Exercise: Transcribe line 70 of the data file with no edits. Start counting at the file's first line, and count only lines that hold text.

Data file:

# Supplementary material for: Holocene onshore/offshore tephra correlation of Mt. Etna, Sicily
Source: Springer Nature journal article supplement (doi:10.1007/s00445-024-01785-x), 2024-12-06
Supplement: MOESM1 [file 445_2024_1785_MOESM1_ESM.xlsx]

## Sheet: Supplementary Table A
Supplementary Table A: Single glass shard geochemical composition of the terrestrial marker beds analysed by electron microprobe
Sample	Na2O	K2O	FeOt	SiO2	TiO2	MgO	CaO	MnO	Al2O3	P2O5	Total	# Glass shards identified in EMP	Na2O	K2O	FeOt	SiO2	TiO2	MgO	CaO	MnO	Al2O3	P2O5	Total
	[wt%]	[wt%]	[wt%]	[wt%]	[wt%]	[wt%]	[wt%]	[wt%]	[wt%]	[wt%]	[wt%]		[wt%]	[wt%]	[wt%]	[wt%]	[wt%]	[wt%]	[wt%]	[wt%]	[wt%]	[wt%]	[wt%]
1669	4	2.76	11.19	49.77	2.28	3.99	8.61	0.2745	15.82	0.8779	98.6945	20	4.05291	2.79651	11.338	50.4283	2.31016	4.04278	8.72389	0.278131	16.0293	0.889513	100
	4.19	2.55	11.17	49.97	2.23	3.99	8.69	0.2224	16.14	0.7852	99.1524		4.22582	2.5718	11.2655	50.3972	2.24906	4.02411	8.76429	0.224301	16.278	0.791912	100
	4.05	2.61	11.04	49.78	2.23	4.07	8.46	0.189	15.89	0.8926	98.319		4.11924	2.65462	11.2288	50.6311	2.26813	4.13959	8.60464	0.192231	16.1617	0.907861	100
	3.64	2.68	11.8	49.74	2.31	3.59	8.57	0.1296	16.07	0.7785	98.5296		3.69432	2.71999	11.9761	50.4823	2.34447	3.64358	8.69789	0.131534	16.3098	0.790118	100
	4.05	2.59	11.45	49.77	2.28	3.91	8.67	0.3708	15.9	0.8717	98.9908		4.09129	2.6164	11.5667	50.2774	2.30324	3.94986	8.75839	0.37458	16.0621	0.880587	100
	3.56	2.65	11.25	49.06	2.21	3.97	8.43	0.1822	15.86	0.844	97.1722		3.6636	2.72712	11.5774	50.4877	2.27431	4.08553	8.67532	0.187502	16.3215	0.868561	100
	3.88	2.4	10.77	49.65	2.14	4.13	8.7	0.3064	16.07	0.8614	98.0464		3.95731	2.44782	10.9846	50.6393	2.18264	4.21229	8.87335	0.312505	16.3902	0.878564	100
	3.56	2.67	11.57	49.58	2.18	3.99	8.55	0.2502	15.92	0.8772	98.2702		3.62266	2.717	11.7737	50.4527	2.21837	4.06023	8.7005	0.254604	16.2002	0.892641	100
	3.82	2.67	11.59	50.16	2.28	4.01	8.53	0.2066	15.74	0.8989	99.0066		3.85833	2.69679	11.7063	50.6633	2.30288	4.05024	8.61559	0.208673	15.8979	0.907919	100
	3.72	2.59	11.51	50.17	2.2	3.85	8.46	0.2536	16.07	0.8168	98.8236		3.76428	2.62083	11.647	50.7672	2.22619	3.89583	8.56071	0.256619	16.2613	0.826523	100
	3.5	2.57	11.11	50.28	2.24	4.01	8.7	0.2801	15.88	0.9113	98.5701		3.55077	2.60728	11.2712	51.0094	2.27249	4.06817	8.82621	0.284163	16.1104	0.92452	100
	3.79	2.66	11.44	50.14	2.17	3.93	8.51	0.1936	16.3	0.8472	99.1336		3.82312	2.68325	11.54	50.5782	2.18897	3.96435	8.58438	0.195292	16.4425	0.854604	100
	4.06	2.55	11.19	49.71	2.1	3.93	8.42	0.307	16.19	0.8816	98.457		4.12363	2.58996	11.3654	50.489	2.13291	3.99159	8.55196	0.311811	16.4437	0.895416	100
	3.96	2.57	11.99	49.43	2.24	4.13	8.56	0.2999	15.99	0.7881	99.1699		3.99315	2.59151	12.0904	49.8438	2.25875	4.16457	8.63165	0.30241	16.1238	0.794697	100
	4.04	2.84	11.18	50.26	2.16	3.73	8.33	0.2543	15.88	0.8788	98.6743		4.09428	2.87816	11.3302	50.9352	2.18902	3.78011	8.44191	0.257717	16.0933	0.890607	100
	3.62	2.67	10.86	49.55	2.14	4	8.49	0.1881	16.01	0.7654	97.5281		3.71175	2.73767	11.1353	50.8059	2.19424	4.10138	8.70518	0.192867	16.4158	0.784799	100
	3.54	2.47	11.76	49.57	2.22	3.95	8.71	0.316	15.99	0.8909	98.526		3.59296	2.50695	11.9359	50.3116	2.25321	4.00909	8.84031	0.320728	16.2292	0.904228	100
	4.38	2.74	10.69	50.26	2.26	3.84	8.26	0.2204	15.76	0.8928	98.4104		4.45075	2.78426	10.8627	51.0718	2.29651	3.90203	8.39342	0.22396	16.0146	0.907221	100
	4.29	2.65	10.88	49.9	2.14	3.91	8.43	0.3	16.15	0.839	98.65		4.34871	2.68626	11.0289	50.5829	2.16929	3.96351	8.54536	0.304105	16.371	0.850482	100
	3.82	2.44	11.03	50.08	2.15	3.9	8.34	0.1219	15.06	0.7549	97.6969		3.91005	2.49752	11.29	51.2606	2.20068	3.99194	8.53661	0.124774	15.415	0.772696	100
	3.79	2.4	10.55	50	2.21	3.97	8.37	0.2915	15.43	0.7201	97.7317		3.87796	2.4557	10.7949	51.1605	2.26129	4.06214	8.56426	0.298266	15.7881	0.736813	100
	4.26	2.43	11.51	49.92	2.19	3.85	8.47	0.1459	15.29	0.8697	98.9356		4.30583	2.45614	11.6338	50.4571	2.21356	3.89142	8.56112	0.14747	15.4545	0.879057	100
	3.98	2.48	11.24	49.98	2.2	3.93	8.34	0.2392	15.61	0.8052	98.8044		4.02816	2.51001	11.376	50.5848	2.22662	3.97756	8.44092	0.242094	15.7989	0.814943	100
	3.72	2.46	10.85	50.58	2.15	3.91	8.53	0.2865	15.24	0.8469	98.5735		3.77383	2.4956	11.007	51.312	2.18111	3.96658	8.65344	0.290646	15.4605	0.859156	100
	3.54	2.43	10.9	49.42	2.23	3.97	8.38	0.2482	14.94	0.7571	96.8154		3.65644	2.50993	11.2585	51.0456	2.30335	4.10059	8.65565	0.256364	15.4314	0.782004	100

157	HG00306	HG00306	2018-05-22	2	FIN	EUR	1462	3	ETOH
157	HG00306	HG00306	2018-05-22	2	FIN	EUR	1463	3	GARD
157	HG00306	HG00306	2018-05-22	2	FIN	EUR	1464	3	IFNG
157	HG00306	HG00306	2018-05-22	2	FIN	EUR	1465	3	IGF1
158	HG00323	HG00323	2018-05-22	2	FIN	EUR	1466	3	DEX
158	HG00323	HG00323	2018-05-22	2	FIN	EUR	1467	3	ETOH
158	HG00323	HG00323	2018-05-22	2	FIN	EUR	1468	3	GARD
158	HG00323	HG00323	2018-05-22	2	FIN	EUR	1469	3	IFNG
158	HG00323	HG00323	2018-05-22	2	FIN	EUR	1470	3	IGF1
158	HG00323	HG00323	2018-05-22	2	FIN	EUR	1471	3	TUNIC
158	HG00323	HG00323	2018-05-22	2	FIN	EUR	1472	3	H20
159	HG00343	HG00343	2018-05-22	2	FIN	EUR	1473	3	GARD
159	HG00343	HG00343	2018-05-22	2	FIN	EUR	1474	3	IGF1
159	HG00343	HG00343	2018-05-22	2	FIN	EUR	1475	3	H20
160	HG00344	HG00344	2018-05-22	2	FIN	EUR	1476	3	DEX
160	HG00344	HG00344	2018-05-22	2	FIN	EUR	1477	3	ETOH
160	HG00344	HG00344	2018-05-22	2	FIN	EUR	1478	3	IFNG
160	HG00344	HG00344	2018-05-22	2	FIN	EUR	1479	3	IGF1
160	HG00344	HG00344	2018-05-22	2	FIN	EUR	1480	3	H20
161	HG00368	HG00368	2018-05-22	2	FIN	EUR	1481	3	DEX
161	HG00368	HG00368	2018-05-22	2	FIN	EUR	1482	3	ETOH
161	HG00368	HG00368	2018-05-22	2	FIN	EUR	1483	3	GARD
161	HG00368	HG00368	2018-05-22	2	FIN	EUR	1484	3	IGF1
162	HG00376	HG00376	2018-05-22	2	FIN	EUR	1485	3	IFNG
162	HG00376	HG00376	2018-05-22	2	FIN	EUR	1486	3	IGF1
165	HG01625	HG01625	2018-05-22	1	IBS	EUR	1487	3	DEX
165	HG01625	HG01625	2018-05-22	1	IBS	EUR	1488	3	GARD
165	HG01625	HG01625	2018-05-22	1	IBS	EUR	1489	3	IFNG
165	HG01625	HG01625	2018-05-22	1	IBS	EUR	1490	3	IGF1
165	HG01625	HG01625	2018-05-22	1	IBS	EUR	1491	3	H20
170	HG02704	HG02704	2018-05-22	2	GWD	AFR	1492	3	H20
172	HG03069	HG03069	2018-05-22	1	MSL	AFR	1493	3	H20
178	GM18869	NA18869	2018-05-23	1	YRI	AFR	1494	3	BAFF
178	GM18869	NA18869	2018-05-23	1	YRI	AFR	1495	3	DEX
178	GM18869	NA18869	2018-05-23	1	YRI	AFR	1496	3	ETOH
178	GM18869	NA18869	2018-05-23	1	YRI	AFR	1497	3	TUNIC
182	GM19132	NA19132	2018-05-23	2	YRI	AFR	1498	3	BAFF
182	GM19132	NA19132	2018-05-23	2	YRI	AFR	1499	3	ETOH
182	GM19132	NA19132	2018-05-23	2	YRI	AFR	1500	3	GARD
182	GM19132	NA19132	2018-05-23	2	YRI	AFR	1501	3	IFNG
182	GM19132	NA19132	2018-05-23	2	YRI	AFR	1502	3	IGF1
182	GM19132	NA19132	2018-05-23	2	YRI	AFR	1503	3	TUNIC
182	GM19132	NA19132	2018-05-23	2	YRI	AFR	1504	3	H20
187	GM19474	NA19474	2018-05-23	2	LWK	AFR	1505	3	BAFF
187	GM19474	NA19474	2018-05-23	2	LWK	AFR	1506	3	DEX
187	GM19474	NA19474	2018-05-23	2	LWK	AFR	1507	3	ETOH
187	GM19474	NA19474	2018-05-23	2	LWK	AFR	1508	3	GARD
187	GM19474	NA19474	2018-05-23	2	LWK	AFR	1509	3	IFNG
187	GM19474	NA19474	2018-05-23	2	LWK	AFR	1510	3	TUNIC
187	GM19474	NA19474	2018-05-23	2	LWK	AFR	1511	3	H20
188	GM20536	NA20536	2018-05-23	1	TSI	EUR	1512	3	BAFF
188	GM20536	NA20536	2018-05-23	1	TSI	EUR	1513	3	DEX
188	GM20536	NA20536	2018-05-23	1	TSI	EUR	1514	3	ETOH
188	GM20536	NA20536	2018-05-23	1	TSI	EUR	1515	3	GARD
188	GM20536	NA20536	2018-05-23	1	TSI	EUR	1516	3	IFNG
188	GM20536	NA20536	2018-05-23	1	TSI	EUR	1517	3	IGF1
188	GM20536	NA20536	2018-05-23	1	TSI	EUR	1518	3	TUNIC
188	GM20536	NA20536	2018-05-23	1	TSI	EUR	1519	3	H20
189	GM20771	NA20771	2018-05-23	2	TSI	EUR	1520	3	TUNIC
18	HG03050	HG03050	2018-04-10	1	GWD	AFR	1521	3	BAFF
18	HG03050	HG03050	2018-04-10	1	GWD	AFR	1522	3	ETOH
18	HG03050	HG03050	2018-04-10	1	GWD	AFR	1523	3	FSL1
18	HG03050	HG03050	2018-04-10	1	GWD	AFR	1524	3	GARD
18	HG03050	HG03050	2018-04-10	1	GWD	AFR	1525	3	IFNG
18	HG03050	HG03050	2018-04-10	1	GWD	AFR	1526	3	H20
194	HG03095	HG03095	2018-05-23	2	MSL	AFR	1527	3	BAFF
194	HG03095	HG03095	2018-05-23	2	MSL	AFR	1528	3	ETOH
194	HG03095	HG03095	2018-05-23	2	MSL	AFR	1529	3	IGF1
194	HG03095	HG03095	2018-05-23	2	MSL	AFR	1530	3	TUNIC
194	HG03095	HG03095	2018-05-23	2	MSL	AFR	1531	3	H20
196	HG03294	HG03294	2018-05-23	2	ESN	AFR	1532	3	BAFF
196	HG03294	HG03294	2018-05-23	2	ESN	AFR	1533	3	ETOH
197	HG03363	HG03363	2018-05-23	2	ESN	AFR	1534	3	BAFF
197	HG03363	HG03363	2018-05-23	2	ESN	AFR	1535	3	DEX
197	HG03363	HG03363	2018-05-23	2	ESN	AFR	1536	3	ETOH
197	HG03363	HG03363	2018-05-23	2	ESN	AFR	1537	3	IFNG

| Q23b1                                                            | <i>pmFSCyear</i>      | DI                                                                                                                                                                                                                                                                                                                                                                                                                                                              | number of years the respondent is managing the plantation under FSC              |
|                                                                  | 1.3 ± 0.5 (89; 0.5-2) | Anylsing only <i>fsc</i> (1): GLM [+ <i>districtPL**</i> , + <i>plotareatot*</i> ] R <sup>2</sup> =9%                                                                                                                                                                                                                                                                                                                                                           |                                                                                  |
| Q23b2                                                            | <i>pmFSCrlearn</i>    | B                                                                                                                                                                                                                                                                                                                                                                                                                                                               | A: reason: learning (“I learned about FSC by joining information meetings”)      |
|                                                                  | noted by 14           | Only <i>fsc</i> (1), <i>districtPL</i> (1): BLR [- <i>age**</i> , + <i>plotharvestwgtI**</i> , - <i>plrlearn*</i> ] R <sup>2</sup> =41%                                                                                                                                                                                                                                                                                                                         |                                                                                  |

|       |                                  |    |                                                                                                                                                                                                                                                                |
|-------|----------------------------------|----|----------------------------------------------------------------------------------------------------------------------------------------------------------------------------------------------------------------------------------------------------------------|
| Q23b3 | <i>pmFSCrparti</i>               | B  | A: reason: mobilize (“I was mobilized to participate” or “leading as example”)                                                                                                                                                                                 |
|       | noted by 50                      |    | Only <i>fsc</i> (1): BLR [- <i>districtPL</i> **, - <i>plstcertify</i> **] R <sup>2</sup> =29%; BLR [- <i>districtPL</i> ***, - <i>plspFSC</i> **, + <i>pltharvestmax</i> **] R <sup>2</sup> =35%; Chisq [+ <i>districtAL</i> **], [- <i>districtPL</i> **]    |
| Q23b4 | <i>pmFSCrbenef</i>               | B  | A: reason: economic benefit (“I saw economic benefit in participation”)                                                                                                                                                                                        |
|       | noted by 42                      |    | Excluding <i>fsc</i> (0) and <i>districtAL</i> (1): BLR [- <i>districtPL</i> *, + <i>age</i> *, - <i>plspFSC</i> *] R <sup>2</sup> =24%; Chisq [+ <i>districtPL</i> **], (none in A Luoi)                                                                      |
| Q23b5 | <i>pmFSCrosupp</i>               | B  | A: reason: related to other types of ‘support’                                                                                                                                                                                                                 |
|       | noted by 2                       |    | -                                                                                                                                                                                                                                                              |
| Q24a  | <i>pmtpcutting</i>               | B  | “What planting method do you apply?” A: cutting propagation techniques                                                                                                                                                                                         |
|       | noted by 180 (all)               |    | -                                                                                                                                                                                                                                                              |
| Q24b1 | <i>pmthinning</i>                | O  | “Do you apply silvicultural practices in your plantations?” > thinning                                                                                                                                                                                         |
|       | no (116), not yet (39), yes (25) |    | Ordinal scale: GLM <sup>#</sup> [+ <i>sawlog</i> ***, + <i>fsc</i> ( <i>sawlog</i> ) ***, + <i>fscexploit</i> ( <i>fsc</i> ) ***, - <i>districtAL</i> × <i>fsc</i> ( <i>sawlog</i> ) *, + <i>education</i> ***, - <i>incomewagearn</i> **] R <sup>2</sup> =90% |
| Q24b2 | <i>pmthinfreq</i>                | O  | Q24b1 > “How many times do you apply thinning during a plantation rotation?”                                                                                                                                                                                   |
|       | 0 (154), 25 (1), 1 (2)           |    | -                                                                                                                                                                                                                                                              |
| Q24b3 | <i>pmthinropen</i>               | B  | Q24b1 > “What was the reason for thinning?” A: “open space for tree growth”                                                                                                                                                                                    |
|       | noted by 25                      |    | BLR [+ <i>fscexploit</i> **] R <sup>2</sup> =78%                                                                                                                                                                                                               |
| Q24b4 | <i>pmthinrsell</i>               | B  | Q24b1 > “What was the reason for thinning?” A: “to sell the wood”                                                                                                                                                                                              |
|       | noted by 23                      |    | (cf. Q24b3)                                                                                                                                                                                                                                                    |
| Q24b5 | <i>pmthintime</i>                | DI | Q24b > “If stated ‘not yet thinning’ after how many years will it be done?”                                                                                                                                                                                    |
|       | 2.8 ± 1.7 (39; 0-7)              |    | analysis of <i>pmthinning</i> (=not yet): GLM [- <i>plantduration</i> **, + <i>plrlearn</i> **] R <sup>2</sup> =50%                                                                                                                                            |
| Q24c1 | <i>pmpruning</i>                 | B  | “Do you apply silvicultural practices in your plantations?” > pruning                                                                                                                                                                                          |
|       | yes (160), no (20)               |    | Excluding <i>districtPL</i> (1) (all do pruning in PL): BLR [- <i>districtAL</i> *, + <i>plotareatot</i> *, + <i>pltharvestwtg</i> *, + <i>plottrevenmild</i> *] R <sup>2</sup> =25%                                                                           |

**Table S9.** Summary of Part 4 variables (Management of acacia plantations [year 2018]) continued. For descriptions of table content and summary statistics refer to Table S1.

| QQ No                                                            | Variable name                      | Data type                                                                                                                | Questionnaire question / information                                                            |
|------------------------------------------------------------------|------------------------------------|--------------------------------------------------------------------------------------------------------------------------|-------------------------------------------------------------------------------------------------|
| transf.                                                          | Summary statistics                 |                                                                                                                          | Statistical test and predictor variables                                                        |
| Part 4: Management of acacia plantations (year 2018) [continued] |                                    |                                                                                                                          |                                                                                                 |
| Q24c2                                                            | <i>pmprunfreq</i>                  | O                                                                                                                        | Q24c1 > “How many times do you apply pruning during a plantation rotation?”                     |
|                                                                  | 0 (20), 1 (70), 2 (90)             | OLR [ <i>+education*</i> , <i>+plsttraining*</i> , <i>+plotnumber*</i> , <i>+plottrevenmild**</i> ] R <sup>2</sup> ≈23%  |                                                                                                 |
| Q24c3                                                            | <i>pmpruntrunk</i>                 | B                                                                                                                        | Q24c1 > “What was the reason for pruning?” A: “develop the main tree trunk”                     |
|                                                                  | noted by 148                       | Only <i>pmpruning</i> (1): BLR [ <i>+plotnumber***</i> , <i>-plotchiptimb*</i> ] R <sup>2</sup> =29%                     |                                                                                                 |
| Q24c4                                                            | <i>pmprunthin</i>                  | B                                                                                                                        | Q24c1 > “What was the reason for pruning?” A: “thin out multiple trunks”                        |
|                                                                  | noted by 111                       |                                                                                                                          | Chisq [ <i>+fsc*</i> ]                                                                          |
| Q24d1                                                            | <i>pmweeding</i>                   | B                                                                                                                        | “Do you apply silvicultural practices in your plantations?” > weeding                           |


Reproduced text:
182	GM19132	NA19132	2018-05-23	2	YRI	AFR	1499	3	ETOH